Thursday, September 28, 2017

LIZ SMITH: I Could Go On Singing

Stefani Joanne Angelina Germanotta with her family dog Alice.
by Liz Smith & Denis Ferrara

For Your Consideration:  The Loneliness of Lady Gaga.  Also — The Clothes of Harrison Ford, and Reading Up on the Russian Revolution.

“I’M ALONE, every night. All these people will leave, right?  They will leave. I go from everybody touching me all day, and talking at me all day, to total silence.”

That’s Lady Gaga in the new Netflix documentary “Gaga: Five Foot Two.”

Gaga (Stefani Joanne Angelina Germanotta) in this moment, declares the immortal mantra of the great star:  everybody “takes a nice big chunk” — as Judy Garland memorably said in “I Could Go On Singing” — and then you are left to your own sadly solitary — often self-destructive — devices.

This seems a particular torment of the musical star, the performer who electrifies thousands nightly, adored, screamed at, worshipped — cut to the forlorn figure, exhausted in the dressing room, solo in the limo, without companionship in the hotel room. 

This tragically shadowed image also seems particular to the female star, in the mythology of Lonely at the Top.  I mean, do we ever think of Frank Sinatra (or Bruce Springsteen, for that matter) enduring such a moment? 
Never mind that Gaga, in this film, is shown with a constant gaggle of the usual assistants and professional cohorts (all of whom appeared genuinely devoted) as well as her large and apparently loving, affectionate family.  She Feels Alone, and has now had her classic say on the matter. (Miss Garland’s was, “If I am such a legend, why I am I so alone?”)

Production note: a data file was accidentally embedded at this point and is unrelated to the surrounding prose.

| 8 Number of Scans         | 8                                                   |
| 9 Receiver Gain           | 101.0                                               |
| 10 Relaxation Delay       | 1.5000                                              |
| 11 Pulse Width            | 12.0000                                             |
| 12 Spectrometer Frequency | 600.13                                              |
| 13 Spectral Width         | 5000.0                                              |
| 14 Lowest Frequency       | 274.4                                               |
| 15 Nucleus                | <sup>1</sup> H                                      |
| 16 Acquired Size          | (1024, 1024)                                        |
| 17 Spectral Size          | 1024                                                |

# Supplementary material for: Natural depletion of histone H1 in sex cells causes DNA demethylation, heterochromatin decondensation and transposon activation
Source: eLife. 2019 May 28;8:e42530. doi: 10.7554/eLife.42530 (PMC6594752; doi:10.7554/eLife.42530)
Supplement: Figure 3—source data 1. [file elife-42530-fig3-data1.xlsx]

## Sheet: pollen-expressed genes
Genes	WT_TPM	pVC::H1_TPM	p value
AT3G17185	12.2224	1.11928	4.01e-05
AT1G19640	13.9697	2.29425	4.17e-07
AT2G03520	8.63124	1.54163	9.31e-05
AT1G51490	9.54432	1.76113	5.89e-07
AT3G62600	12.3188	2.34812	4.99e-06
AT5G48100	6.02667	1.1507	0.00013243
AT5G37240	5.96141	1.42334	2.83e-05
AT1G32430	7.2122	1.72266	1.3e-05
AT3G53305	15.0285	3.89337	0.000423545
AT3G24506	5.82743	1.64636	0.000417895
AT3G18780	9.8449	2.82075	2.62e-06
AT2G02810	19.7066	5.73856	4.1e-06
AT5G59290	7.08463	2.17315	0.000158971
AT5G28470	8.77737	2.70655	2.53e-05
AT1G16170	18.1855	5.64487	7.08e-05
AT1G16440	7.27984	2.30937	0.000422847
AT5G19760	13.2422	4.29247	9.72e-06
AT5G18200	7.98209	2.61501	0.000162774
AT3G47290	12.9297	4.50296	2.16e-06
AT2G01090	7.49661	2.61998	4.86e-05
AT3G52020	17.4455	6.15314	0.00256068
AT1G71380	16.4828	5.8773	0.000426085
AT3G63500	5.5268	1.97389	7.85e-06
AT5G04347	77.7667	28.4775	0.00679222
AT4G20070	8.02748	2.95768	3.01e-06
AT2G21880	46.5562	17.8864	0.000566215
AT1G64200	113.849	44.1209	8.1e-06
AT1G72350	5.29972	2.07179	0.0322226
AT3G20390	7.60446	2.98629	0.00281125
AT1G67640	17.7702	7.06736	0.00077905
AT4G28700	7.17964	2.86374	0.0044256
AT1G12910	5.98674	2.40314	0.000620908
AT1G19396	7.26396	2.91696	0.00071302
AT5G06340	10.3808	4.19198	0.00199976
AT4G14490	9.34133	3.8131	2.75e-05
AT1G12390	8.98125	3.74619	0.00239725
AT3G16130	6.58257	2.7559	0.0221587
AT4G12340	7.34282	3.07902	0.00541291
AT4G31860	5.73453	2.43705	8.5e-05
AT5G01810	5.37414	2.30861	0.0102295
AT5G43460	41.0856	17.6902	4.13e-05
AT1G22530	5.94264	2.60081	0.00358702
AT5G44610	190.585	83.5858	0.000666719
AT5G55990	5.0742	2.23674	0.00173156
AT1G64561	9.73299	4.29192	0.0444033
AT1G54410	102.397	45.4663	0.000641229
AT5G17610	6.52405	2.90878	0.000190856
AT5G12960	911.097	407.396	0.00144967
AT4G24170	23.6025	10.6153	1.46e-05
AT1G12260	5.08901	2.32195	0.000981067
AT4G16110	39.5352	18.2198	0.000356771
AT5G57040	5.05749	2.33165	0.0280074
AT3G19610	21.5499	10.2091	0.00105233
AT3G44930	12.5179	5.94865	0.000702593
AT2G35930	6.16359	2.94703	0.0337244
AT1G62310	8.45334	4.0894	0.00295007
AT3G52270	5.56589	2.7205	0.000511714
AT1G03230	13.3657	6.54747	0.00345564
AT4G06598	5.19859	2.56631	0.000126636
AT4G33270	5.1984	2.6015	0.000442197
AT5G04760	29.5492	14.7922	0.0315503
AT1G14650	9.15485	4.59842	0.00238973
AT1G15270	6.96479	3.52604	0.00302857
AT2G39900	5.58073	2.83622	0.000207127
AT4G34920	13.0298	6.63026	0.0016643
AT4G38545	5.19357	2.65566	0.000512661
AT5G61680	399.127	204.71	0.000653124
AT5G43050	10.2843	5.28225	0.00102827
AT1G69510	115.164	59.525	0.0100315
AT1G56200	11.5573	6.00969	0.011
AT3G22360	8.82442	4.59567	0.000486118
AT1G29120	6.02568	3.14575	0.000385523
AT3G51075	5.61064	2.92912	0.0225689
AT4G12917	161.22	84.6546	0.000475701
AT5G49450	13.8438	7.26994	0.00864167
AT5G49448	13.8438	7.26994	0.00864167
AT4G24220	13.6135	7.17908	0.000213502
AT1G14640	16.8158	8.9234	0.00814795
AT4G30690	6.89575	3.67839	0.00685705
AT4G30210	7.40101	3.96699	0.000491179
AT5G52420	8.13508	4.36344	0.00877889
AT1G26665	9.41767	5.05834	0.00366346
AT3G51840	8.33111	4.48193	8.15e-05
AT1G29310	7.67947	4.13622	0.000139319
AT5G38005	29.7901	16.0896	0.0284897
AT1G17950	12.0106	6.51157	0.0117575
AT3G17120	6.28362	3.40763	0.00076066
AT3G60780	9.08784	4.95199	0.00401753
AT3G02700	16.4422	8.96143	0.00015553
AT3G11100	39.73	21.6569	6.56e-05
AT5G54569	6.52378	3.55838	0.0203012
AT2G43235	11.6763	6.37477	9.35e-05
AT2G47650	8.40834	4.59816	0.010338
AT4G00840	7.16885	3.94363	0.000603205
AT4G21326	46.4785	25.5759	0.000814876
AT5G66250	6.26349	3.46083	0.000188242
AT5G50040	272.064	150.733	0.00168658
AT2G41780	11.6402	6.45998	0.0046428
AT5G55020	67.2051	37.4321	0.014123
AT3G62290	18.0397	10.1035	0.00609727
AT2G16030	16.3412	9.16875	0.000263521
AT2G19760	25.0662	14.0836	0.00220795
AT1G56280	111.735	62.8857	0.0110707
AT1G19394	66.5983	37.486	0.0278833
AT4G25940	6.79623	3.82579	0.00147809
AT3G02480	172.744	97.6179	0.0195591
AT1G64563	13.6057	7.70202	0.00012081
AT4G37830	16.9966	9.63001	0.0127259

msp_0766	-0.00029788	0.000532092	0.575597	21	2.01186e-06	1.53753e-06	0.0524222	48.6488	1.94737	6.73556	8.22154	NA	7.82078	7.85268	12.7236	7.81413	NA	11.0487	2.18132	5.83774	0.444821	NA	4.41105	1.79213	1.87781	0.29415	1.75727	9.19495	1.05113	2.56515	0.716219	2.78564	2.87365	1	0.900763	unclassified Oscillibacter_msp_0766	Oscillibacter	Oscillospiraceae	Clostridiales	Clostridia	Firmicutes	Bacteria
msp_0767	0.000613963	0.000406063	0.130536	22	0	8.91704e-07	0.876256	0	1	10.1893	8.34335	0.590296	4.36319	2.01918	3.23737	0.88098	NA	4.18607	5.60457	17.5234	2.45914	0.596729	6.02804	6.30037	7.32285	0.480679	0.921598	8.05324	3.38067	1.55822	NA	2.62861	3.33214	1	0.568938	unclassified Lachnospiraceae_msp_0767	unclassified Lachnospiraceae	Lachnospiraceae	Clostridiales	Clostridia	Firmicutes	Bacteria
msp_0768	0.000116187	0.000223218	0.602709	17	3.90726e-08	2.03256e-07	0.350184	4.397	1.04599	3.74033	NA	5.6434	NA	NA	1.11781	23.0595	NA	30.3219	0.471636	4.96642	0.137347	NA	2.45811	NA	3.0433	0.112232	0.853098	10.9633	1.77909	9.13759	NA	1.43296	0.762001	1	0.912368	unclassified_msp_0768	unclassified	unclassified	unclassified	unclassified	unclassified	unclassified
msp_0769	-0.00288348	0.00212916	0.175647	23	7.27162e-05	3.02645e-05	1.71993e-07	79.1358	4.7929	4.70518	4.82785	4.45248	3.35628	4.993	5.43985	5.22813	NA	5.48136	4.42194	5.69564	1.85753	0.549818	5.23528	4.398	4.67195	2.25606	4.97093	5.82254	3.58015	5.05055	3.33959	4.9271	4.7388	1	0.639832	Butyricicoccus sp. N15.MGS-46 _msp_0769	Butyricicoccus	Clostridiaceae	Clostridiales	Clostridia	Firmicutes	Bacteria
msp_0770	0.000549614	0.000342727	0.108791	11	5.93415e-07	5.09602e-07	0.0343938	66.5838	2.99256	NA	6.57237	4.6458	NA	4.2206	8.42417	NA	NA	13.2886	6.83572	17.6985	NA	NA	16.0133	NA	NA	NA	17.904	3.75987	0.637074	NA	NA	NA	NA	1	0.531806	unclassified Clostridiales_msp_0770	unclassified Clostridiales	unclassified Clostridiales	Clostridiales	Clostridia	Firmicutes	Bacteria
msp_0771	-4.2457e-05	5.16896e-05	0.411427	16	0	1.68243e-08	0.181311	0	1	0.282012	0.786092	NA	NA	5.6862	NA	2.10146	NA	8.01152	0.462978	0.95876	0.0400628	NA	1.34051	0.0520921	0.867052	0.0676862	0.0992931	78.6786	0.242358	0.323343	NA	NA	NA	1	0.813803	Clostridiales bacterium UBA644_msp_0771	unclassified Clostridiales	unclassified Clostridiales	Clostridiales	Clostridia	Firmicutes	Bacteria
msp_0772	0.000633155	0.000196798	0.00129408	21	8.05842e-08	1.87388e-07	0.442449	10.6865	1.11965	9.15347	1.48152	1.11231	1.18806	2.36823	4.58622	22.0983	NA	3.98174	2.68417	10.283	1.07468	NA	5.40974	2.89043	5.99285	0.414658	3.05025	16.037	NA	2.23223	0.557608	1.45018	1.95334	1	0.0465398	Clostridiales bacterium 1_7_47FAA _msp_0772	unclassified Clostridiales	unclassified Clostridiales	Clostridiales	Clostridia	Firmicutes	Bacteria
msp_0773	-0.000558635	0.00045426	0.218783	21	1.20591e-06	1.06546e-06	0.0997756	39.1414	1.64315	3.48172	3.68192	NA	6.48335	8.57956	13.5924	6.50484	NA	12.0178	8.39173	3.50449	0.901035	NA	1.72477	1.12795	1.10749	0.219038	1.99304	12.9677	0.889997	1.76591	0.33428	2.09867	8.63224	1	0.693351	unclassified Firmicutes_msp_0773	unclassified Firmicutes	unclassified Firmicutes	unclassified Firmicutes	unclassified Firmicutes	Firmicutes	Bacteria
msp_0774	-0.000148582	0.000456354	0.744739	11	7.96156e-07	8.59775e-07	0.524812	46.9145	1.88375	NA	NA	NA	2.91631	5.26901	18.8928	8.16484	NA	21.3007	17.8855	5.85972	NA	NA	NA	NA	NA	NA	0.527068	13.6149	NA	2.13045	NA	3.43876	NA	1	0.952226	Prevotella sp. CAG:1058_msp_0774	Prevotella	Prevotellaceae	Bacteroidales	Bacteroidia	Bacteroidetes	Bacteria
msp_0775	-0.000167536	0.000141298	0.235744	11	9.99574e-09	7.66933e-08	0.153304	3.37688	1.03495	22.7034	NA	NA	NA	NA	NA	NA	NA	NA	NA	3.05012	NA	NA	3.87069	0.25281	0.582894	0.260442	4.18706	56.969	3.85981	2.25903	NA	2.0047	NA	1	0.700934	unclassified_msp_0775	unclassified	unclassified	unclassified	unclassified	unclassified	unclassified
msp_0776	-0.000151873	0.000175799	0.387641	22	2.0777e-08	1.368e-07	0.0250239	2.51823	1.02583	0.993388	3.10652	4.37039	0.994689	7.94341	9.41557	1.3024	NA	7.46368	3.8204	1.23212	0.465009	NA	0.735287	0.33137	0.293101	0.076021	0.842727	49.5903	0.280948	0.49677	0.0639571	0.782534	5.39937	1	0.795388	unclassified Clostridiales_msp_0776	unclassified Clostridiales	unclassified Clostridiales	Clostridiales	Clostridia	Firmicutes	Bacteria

Just as Gaga’s impact as a pop star/image-maker has been compared to Madonna, “Five Foot Two” can only be seen as her version of “Truth or Dare” Madonna’s raunchy 1991 peek behind the curtain of fame, hard work and driving ambition.
But where “Truth or Dare” found its power in Madonna often playing up the bitchier aspects of her image, and daring us to find the vulnerable “real” person behind the star, Gaga offers no irony.  We are meant to like her with no equivocation, and we do.  “Truth or Dare” said, essentially: pay up for the fun of trying to figure me out. (Or, in the words of “Gypsy’s” Mama Rose: “Leave ‘em begging for more. And then don’t give it to ‘em!” )